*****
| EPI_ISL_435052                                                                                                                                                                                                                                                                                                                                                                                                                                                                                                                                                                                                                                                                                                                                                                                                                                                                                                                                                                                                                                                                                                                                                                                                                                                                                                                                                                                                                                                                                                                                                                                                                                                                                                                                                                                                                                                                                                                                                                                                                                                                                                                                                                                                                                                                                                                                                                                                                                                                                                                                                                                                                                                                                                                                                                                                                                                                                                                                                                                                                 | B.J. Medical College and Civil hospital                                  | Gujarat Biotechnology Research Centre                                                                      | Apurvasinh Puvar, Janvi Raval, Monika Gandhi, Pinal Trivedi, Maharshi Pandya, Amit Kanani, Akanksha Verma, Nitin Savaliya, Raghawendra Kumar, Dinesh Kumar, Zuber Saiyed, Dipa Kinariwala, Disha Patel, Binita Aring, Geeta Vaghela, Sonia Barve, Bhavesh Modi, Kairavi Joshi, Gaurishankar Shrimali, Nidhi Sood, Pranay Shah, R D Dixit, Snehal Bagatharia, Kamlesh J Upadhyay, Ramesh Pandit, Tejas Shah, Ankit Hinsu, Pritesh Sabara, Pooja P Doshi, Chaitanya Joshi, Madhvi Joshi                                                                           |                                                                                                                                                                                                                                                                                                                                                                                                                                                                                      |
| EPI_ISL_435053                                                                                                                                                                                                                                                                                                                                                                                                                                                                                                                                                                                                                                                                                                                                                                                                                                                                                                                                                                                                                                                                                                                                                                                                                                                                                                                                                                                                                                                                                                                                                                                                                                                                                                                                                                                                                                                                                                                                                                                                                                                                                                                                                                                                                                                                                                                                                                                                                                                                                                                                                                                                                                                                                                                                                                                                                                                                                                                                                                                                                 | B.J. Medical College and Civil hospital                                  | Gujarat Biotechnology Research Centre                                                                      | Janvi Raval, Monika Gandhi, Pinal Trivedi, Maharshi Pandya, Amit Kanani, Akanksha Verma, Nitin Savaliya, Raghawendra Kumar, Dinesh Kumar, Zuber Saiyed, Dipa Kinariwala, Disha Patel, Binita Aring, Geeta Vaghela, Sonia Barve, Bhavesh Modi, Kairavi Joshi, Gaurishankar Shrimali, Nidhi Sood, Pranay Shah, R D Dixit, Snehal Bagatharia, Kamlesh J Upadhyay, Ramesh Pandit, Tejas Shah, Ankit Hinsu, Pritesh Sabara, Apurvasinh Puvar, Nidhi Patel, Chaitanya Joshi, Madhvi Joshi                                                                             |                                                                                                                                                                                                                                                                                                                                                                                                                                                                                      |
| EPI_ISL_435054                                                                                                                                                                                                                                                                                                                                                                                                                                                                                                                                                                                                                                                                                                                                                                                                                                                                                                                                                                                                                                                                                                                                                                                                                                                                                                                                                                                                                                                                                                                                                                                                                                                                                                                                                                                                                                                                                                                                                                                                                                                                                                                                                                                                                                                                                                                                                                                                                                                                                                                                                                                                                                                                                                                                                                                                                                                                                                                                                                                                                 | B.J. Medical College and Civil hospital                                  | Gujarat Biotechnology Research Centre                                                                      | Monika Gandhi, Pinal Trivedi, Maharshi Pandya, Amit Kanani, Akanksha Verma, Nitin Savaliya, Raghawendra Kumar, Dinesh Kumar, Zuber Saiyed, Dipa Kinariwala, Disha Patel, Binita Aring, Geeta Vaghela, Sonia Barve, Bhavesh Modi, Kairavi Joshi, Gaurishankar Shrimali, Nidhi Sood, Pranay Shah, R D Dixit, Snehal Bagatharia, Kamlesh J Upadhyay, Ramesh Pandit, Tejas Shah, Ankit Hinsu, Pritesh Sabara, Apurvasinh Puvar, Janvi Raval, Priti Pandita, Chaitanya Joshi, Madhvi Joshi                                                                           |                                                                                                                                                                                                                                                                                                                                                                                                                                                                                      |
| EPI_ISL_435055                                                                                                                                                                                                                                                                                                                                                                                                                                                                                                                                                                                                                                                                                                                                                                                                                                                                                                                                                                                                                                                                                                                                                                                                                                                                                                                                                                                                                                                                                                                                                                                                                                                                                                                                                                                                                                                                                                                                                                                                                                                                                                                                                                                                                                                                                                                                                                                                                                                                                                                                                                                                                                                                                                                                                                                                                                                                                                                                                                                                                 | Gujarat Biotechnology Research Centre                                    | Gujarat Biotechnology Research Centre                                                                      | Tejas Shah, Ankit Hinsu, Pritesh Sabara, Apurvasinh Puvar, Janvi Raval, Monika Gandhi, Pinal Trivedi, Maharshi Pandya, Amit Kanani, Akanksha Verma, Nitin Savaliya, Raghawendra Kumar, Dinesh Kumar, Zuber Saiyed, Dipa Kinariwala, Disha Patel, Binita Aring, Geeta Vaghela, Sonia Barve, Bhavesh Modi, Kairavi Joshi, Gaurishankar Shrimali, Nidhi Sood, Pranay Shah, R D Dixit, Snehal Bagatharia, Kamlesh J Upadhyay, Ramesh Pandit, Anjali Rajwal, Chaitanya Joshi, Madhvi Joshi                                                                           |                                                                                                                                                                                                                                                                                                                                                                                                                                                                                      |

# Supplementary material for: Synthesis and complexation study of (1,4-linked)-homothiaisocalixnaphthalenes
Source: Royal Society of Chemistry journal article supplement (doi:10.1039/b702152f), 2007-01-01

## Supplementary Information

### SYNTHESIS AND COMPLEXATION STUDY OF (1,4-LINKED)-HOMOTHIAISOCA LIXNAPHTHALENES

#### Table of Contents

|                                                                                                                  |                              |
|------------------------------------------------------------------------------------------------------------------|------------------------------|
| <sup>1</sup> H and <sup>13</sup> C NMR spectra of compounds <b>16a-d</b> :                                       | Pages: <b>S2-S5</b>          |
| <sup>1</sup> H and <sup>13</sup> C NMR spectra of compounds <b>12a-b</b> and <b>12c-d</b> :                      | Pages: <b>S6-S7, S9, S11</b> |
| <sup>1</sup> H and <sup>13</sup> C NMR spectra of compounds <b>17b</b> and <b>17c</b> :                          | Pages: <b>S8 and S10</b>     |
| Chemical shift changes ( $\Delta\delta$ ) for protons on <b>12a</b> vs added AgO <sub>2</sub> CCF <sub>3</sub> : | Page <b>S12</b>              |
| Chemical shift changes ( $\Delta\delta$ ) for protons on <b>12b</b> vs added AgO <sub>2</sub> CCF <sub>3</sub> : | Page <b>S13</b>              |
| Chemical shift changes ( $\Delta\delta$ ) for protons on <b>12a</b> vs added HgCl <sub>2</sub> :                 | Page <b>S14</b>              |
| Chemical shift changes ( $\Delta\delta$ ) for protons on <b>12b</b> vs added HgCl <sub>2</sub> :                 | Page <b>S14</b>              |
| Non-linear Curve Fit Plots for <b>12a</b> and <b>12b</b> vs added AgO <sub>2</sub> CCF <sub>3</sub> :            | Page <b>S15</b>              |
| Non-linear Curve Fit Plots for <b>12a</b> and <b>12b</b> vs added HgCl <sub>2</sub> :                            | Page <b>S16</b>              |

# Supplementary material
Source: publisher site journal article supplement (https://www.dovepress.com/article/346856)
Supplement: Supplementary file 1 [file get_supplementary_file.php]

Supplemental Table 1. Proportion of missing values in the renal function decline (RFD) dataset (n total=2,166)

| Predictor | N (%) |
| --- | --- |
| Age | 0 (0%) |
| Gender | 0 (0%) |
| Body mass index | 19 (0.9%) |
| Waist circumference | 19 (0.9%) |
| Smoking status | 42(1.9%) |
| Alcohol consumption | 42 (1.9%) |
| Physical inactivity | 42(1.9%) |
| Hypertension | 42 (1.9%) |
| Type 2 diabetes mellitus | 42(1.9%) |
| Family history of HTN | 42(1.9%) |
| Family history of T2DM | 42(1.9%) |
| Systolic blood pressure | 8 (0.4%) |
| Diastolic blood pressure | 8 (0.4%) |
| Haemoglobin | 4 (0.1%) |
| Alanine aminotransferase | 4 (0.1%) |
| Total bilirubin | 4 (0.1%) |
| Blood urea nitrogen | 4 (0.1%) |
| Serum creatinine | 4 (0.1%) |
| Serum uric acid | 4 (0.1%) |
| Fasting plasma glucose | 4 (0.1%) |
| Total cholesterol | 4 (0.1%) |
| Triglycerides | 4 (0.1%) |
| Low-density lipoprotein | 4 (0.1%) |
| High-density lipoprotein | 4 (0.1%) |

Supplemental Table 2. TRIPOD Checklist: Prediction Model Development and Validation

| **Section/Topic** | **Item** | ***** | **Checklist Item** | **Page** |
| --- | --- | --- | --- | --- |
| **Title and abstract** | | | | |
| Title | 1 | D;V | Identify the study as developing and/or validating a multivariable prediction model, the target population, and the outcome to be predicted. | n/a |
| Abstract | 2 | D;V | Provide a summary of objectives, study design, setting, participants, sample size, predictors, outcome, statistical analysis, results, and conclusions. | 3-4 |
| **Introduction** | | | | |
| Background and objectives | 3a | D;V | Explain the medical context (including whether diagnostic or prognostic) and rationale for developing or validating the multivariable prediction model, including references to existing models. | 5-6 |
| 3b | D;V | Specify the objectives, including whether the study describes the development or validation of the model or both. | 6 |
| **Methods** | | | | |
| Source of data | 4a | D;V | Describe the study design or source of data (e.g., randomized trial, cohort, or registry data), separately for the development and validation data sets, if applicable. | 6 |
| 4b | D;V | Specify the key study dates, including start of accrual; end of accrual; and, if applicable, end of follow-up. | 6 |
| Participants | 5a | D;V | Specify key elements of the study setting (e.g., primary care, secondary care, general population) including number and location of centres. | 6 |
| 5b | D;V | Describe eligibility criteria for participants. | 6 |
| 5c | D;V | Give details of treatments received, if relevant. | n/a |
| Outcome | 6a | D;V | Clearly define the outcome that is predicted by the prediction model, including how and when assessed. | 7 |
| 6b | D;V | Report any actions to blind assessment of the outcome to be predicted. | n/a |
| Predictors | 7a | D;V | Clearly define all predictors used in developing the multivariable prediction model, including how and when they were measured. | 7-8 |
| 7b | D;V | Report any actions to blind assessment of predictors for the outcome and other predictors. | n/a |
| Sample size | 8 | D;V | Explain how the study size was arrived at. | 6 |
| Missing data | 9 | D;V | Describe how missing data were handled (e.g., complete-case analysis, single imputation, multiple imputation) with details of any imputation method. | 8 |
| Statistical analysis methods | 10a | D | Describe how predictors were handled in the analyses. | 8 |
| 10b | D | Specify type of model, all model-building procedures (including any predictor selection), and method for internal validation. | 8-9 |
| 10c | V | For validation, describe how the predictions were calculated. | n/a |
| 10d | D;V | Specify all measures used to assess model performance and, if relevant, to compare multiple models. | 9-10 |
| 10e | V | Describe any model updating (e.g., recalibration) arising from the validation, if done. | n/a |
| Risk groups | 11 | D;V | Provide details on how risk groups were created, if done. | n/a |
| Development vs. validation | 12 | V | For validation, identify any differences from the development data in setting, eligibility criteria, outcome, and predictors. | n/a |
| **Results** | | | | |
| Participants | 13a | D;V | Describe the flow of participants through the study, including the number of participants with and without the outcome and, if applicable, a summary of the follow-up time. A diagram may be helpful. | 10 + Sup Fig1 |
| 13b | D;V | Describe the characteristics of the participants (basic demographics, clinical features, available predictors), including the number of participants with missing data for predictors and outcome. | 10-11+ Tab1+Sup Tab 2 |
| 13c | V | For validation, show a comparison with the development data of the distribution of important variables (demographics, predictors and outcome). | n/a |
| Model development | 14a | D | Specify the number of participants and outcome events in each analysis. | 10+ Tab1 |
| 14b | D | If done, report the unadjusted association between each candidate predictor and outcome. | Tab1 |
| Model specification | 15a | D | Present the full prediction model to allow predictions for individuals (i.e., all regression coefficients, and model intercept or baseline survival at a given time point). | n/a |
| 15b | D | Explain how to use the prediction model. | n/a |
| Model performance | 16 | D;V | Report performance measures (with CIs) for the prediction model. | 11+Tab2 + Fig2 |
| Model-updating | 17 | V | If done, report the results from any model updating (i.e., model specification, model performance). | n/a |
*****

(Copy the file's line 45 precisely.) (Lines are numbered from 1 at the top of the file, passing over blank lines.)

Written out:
| Serum uric acid | 4 (0.1%) |